KnowledgeFest Attendees Tackle Internet Sales Problem

By Amy Gilroy On Apr 5 2004 - 6:00am




LOUISVILLE, KY. — About half the retailers attending the MERA KnowledgeFest seminar here on "Living With The Internet" said they are losing about 10 percent or more of their business to the Internet, according to a show of hands..

Midway through the presentation by Tom Egelhoff of www.smalltownmarketing.com, a small business information Web site, a heated discussion was triggered by a retailer who wanted to know how to counter the fact that his store "has become a showroom for the Internet." In other words, shoppers come to his store for advice and then go buy the product on the Web.

There were other retail complaints, exemplifying a growing frustration with what retailers perceive as a formidable new competitor.

David Lewis of Lewis Electronics in Shaker Heights, Ohio, complained that Internet sellers are getting unfair volume discounts from suppliers as they blow out lots of product at low prices, while it's the brick-and-mortar retailers who are explaining, pushing and building the brands.

He also noted that the sales tax issue is now unfair. "It's killing us. If you buy from a business across state lines, you don't pay sales taxes, so it makes up for shipping [fees on the Internet]." He continued, "Let's have a level playing field. I'm paying the salary of the guy at the local fire department and guess where he's shopping — on the Internet, buying from the guy out of state."

John Howell, co-owner of three-store chain CKR in Montgomery, Ala., said retailers can't just sit around and be angry. He told the audience, "I was bitter like you all a year ago until I decided to do something about it." He said that if a customer mentions pricing on the Web, he walks them over to a computer and brings up the particular Web site. He then calls the site on the spot and says he bought a product two weeks ago and it doesn't work. Can he return it? When they say no, he's now got an open-minded customer. "I educate the customer on the spot and then we negotiate a price."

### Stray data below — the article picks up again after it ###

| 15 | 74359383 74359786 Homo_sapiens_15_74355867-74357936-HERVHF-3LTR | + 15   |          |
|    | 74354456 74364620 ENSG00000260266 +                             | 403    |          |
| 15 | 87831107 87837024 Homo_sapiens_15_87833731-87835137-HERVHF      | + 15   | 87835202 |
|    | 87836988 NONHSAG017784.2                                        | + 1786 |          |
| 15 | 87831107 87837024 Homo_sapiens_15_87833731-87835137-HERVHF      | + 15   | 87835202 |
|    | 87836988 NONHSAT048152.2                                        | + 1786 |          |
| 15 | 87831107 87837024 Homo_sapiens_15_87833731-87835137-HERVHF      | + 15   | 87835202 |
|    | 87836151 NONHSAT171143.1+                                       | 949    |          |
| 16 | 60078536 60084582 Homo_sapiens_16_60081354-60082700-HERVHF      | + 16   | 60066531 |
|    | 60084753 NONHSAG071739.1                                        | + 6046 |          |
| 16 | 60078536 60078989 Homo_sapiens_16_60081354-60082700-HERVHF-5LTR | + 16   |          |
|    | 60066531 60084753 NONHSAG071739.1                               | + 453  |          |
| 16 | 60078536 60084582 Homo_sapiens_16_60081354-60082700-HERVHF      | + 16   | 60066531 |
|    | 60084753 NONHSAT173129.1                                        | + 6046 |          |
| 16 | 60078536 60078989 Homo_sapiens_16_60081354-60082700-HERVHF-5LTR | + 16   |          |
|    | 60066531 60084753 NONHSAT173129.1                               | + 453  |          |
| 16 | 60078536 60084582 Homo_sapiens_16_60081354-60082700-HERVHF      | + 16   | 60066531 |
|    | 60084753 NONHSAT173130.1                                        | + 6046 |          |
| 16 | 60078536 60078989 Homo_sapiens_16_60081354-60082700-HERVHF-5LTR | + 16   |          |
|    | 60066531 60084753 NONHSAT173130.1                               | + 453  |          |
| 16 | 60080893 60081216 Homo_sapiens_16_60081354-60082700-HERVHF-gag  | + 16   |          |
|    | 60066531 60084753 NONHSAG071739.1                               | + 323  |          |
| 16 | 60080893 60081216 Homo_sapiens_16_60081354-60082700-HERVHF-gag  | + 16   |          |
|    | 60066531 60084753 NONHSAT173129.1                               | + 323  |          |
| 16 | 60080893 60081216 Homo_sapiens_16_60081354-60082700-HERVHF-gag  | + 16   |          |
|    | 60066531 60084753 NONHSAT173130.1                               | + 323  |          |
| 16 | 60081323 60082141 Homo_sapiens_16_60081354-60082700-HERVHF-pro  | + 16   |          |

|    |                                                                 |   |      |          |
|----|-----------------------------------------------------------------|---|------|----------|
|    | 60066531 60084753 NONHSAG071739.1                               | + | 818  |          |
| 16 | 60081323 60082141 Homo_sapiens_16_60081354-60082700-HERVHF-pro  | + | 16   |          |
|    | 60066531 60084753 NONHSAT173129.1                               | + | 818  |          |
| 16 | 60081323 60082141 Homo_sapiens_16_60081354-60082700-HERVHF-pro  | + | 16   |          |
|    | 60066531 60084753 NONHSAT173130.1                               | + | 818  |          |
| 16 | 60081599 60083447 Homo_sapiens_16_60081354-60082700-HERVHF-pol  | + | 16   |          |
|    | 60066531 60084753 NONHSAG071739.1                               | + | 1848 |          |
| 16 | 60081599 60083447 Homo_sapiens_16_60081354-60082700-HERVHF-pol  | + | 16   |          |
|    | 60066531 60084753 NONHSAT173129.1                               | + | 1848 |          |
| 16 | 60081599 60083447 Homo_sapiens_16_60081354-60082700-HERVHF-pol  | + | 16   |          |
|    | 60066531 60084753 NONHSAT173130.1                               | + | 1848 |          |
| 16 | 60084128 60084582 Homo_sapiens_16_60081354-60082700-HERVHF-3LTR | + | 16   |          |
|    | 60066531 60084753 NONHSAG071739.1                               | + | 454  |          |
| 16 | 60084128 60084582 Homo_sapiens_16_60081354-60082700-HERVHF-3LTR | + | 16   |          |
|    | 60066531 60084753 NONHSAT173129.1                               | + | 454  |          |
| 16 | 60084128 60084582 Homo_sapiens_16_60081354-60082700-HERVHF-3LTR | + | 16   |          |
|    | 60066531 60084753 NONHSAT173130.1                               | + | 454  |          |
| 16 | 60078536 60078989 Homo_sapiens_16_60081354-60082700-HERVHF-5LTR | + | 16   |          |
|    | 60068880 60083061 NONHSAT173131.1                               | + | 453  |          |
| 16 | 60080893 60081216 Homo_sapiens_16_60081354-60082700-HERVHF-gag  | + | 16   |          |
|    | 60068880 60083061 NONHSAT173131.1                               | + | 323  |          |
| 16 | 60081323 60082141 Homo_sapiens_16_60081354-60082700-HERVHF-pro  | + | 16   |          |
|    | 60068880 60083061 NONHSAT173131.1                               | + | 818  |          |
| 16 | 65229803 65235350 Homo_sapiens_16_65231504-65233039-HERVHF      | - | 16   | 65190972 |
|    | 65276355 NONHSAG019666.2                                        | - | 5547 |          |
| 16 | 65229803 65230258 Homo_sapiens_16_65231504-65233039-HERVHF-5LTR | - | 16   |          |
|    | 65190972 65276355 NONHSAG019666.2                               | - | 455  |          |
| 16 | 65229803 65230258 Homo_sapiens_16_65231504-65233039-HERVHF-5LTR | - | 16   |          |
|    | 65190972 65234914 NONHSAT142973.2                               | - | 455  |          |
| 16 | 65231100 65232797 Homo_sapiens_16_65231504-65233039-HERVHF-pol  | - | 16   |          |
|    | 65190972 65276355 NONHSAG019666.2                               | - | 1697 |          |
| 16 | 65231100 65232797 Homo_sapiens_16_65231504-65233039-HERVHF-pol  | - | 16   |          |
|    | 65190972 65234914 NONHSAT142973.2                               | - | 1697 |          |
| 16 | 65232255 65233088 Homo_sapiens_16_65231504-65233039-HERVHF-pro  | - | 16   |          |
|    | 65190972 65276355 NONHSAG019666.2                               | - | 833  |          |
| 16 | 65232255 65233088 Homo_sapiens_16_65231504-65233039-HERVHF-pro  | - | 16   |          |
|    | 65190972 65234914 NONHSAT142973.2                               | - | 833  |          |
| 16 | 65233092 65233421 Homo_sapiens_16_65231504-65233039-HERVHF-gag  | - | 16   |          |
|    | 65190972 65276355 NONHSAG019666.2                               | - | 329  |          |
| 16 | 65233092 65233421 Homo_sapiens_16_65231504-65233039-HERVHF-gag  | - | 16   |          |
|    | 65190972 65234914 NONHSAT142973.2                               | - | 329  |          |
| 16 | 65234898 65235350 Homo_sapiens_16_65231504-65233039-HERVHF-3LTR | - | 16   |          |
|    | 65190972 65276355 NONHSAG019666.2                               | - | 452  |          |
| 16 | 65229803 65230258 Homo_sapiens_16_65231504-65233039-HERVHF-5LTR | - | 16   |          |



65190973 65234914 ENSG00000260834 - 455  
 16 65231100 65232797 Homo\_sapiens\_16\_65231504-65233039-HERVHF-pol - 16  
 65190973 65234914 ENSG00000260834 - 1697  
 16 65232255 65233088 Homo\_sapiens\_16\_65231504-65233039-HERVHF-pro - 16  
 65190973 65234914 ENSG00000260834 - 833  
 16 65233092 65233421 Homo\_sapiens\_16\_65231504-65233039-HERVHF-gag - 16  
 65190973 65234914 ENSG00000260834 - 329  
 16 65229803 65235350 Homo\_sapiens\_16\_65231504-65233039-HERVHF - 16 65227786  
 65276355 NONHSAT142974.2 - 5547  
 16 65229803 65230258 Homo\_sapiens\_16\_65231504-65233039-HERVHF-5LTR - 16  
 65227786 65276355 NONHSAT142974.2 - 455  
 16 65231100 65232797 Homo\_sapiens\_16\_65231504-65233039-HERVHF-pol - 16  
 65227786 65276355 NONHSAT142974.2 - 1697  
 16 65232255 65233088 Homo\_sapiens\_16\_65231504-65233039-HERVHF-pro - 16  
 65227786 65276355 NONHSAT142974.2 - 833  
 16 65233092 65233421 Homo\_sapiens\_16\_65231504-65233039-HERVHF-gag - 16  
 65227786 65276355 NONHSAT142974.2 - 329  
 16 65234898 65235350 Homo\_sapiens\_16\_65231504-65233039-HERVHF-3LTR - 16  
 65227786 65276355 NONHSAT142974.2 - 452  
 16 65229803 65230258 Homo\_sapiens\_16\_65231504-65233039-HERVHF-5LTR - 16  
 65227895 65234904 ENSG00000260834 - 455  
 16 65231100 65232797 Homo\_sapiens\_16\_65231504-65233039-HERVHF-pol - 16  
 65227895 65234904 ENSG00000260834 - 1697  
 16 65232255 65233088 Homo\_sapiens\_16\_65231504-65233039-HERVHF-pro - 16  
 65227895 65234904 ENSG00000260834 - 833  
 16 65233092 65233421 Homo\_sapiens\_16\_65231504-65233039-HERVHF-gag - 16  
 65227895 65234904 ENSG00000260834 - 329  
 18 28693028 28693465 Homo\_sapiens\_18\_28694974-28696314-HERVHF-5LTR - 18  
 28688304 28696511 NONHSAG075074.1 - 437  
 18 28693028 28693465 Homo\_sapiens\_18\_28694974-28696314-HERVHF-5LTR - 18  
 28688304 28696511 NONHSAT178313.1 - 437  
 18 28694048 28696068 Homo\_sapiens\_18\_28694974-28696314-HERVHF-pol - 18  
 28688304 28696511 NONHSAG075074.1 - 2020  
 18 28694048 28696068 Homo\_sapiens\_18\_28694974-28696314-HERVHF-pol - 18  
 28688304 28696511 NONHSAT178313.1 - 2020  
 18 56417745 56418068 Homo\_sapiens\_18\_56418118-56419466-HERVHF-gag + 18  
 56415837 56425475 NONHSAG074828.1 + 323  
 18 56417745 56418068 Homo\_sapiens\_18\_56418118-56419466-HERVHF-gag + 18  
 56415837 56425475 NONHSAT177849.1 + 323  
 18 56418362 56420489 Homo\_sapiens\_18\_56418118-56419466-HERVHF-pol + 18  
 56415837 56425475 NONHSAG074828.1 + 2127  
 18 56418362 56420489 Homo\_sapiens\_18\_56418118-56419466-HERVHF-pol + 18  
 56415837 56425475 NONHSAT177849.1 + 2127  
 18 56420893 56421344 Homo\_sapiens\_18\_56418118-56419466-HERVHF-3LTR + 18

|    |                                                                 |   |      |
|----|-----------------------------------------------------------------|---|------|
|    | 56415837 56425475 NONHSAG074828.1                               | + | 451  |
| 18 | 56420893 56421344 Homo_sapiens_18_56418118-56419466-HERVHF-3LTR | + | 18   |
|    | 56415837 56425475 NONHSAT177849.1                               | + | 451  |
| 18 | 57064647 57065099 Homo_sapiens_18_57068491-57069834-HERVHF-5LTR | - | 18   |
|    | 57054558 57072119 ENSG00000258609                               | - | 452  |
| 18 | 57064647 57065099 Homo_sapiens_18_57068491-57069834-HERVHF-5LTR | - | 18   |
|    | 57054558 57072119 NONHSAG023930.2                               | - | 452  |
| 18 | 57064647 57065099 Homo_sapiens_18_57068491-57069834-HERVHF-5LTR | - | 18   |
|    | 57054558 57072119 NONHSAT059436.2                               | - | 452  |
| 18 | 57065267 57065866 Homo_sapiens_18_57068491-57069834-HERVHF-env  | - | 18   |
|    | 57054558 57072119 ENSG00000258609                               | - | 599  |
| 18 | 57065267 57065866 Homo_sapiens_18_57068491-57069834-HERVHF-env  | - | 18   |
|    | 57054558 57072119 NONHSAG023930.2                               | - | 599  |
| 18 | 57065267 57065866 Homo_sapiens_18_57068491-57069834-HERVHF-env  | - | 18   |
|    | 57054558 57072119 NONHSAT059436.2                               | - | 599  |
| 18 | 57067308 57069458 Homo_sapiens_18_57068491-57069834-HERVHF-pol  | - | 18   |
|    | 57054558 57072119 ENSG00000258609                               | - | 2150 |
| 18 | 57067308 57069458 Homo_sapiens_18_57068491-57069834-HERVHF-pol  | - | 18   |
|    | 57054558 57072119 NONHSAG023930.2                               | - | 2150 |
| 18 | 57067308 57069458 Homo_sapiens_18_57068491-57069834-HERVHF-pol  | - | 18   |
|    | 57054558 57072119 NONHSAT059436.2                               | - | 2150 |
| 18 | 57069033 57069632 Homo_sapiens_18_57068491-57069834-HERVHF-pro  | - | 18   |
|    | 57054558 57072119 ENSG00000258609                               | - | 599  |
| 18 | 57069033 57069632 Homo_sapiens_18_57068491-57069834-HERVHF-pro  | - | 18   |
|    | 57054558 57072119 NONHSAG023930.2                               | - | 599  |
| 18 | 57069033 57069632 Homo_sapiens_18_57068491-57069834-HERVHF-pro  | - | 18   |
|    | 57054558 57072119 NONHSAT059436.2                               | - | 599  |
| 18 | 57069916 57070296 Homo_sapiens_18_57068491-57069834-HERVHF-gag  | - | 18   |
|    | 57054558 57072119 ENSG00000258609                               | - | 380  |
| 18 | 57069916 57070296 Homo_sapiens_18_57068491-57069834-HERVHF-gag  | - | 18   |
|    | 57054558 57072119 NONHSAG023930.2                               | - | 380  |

He said he also keeps prices high for product but low on installation rates; however, he charges a premium for walk-ins with a product purchased from the Internet. "If they don't like it, I send them to Best Buy," he said.

Egelhoff cautioned the audience that if customers are entering the store and then leaving empty-handed, "It's not an Internet problem, it's a sales problem." He asked, "Why do they come to your store to begin with? The Internet is just another competitor. It's another Circuit City or whatnot. If your closing rate is not at least 30 to 40 percent, you have a sales training issue, not an Internet issue."

Egelhoff offered MERA members several suggestions:

  • Find out the amount of business walking away from the store. To do this, give every salesperson a set amount of business cards each day and require he hand one to each customer. Count his remaining cards at the end of the day and compare it to his sales.

  • Frame testimonials from happy customers and hang them all over the store and post them on your Web site." Howell of CKR noted later that he posts on his Web site testimonials from unhappy Web customers who then turned to his store for help.

  • Take e-mail addresses from customers and send out follow up questionnaires or sales information after one week, and then again in 30 and in 60 days.

  • Know your ZIP code. Find out the demographics of your ZIP code and advertise accordingly. Egelhoff suggests visiting . Click on "Free look ups" and then "Income tax statistics." The site will show the average adjusted gross income for your area, the number of people who are single vs. married and the age breakdown of the tax filers.

  • When you hire a new salesperson, give him a questionnaire after he's been at the store for two months. He'll give you a fresh perspective on how you run your business and he may be able to make helpful comparisons from his last job. You can also find out where he needs or wants more sales training.

  • Never have a sales contest based on the most sales. Then the slower sellers quit halfway through the contest. Instead, ask all salespeople to increase their sales by 10 percent so they compete against themselves.

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